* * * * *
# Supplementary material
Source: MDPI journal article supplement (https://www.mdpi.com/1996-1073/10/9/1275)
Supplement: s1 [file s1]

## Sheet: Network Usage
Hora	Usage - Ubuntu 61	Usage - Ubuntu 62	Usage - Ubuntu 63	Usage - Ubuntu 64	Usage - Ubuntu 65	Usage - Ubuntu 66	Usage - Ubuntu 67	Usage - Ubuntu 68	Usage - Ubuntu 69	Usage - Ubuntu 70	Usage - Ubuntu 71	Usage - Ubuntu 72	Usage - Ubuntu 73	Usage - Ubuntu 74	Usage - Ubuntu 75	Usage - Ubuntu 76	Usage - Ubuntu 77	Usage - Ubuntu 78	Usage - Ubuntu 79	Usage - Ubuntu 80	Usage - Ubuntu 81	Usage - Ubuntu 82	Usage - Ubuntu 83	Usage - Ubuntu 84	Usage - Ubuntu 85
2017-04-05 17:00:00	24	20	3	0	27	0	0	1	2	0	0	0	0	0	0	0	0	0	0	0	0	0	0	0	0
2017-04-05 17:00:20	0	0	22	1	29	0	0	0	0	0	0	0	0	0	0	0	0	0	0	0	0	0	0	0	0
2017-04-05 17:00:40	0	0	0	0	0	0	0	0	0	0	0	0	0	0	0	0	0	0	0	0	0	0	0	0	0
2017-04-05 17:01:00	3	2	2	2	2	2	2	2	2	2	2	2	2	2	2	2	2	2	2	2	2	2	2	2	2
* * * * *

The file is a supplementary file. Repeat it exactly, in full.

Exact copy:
# Supplementary material
Source: MDPI journal article supplement (https://www.mdpi.com/1996-1073/10/9/1275)
Supplement: s1 [file s1]

## Sheet: Network Usage
Hora	Usage - Ubuntu 61	Usage - Ubuntu 62	Usage - Ubuntu 63	Usage - Ubuntu 64	Usage - Ubuntu 65	Usage - Ubuntu 66	Usage - Ubuntu 67	Usage - Ubuntu 68	Usage - Ubuntu 69	Usage - Ubuntu 70	Usage - Ubuntu 71	Usage - Ubuntu 72	Usage - Ubuntu 73	Usage - Ubuntu 74	Usage - Ubuntu 75	Usage - Ubuntu 76	Usage - Ubuntu 77	Usage - Ubuntu 78	Usage - Ubuntu 79	Usage - Ubuntu 80	Usage - Ubuntu 81	Usage - Ubuntu 82	Usage - Ubuntu 83	Usage - Ubuntu 84	Usage - Ubuntu 85
2017-04-05 17:00:00	24	20	3	0	27	0	0	1	2	0	0	0	0	0	0	0	0	0	0	0	0	0	0	0	0
2017-04-05 17:00:20	0	0	22	1	29	0	0	0	0	0	0	0	0	0	0	0	0	0	0	0	0	0	0	0	0
2017-04-05 17:00:40	0	0	0	0	0	0	0	0	0	0	0	0	0	0	0	0	0	0	0	0	0	0	0	0	0
2017-04-05 17:01:00	3	2	2	2	2	2	2	2	2	2	2	2	2	2	2	2	2	2	2	2	2	2	2	2	2